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11 Comments

culture

Toronto Urban Legends: The Leaping Lawyer of Bay Street

Something you shouldn't add to your repertoire of party tricks.

The truth behind the tales people tell about Toronto.

Photo by {a href="http://www.flickr.com/photos/30711218@N00/5067876038/"}jmaxtours{/a} from the {a href="http://www.flickr.com/groups/torontoist/pool/"}Torontoist Flickr pool{/a}.

Garry Hoy, a 39-year-old senior partner with the law firm of Holden, Day, Wilson, had an unusual habit: bodychecking the windows of his office at Toronto’s TD Centre, notionally to demonstrate their tensile strength.

On July 9, 1993, Hoy decided to liven up a party for incoming articling students by making his signature move on a 24th-storey window.

At his first attempt, the window held. As it dawned on the assembled youth that they’d hitched their career wagons to a firm where senior partners batter themselves against windows like demented houseflies, Hoy took a second run. This time the glass popped out of the frame, sending Hoy free-falling to the courtyard below. Lamentably, if predictably, he died from his injuries.

We can never know what motivated Hoy: a desire to prove the robustness of modern construction techniques, whimsey, or just simply showing off.

We do know that his early demise could have been avoided had he left the testing to the experts. Or consulted with structural engineer Bob Greer, who later told the Toronto Star “I don’t know of any building code in the world that would allow a 160-pound man to run up against a glass and withstand it.”

Hoy’s defenestration left him more celebrated in death than he’d ever been in life, netting him a 1996 Darwin Award, sizeable Snopes and Wikipedia entries, and segments on the television shows 1000 Ways to Die and Mythbusters.

Following the accident, Peter Lauwers, managing partner of Holden, Day, Wilson, told the Toronto Sun that Hoy had been one of their “best and brightest.” The firm went under three years later.

CORRECTION: January 4, 2013, 8:00 AM This post originally stated that this incident took place on July 10, 1993. It actually took place on July 9 (as pointed out by reader Jonathan Goldsbie).

Comments

  • Michael

    I started work in the summer of ’96, on the 24th floor of that exact TD tower. Our first “get-to-know-you” social event taking place in that very room.

  • steeplejack

    I used to know one of the students who was there at the time. Apparently Mr. Hoy did this trick fairly frequently to freak them out. Without the falling out of the window part, that is. She was in the next room during a social gathering and there was some laughing, a “thump” and then screaming, and then an inexplicable inrush of air.

  • http://twitter.com/JosLaflamme Jos Laflamme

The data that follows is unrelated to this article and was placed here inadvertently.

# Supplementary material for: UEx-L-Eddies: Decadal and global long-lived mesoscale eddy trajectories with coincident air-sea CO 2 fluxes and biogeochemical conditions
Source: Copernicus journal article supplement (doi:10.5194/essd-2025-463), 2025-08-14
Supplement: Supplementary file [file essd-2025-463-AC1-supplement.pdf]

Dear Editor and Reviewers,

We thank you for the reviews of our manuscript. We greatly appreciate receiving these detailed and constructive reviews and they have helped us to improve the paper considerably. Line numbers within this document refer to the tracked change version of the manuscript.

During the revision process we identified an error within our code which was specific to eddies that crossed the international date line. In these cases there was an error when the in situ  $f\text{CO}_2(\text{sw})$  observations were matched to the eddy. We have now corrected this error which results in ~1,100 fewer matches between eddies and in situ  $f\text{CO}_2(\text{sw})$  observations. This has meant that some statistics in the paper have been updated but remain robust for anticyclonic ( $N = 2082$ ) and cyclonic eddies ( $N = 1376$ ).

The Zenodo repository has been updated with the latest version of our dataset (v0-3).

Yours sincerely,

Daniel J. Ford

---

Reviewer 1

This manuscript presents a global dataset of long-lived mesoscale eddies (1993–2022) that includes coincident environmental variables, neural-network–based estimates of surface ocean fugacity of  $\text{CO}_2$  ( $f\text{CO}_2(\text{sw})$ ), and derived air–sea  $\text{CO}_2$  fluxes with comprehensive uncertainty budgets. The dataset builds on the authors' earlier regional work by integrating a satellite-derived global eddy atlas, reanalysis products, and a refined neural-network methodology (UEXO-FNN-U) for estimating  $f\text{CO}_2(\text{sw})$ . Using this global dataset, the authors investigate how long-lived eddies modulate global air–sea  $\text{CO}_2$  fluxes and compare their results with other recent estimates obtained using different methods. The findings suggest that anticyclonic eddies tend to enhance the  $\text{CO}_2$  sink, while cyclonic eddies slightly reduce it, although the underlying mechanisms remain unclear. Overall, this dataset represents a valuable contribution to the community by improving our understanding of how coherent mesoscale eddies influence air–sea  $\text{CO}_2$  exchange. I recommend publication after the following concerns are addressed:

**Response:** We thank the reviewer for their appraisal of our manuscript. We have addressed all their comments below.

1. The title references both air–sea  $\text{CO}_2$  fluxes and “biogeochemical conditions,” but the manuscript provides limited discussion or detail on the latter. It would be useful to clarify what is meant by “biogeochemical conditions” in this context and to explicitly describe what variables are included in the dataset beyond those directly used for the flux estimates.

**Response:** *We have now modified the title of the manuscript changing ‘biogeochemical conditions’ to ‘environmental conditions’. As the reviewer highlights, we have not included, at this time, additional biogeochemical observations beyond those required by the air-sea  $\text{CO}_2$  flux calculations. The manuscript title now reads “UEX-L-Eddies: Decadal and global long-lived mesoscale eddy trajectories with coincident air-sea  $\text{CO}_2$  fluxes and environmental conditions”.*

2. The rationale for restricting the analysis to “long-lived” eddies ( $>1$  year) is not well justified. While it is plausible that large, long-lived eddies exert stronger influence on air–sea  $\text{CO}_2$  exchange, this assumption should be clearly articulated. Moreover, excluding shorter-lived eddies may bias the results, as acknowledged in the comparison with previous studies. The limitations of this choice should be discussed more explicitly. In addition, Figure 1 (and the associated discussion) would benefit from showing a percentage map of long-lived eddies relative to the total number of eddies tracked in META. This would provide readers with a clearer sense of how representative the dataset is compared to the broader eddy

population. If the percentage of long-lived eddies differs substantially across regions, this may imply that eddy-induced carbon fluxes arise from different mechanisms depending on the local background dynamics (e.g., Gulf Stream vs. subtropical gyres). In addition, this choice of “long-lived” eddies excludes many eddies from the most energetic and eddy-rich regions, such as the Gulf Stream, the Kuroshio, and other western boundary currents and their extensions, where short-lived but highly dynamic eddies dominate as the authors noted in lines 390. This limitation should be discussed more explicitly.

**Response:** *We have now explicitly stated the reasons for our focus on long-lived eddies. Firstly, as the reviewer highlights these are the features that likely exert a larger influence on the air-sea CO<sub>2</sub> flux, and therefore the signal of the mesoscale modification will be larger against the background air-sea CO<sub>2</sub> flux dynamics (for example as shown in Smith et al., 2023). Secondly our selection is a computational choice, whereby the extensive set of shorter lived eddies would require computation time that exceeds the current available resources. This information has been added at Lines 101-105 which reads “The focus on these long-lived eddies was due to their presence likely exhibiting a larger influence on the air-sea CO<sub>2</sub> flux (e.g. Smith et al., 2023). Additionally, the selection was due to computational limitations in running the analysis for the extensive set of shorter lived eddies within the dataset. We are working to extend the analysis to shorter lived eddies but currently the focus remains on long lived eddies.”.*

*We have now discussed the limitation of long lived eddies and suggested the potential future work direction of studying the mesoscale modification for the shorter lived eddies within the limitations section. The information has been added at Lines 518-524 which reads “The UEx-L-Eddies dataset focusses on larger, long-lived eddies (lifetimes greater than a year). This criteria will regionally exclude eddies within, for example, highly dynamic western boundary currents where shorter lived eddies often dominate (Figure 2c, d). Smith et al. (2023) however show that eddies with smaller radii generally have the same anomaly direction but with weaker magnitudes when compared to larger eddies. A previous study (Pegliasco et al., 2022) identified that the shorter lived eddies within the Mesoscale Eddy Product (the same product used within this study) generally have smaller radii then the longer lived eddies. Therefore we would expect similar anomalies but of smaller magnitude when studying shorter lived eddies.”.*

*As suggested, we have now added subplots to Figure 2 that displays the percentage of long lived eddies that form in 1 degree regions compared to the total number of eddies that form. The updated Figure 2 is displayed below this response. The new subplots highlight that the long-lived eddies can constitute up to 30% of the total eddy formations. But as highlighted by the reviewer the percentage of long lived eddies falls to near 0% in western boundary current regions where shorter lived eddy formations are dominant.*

Given that the story is true, why does it keep getting labelled as an Urban Legend? Aren’t “Urban Legends” supposed to be BS stories that cannot be factually attributed to an actual source?

    Gary Hoy’s death, is certainly legendary and it certainly happened in an urban environment, but it’s not BS and it has sources to verify its truth.

    • Anonymous

      Urban legends can be either true or false, all the term means is that it’s a story often repeated with varying details.

  • Sal Morejo

    He was married to Shirley Hoy the City of Toronto manager during the Lastman and early Miller terms

  • http://www.facebook.com/profile.php?id=640246096 Simon Harvey

    I was a security guard at the building back then. My shift was the one after this, but I sure remember that the guys coming off shift when I arrived were pretty freaked out, so I was initially surprised to see it tagged as an “urban legend” here.

  • grinning dog

    I was in law school at the time this happened. We started referring to Holden Day Wilson as Hold In Da Window. Much chuckles all around.

  • Yuck

    Was this piece written by a psychopath? It’s bereft of a empathy.

    • Joe McBlow

      That’s mean spirited. He did say it was lamentable. I advise you not to follow the Darwin Awards.

      • Meh

        It’s easy to laugh at the typical Darwin Award winner because they’re strangers, you likely don’t know them or anyone who knew them. In this case, it’s a guy from Toronto who, from what I’ve heard, was a very nice guy who liked to joke around. Even in this thread there are people who experienced his death or know members of his family. Not being a killjoy, but the snark doesn’t go down as easy in this case.

        • Joe McBlow

          I’ll bite again. Schadenfreude, it’s evidently common enough that the Germans devised a word for it and english speaking peoples have adopted it. It’s also why things like the Darwin Awards and 1000 Ways to Die exist. Obviously you understand this as you explained part of this dynamic, at least in relation to strangers, in your first sentence. If I were a member of his family and I saw the headline I wouldn’t even click on the link. There’s no point in trying to police what is innocuous human behaviour and quite possibly something they engage in themselves – schadenfreude that is.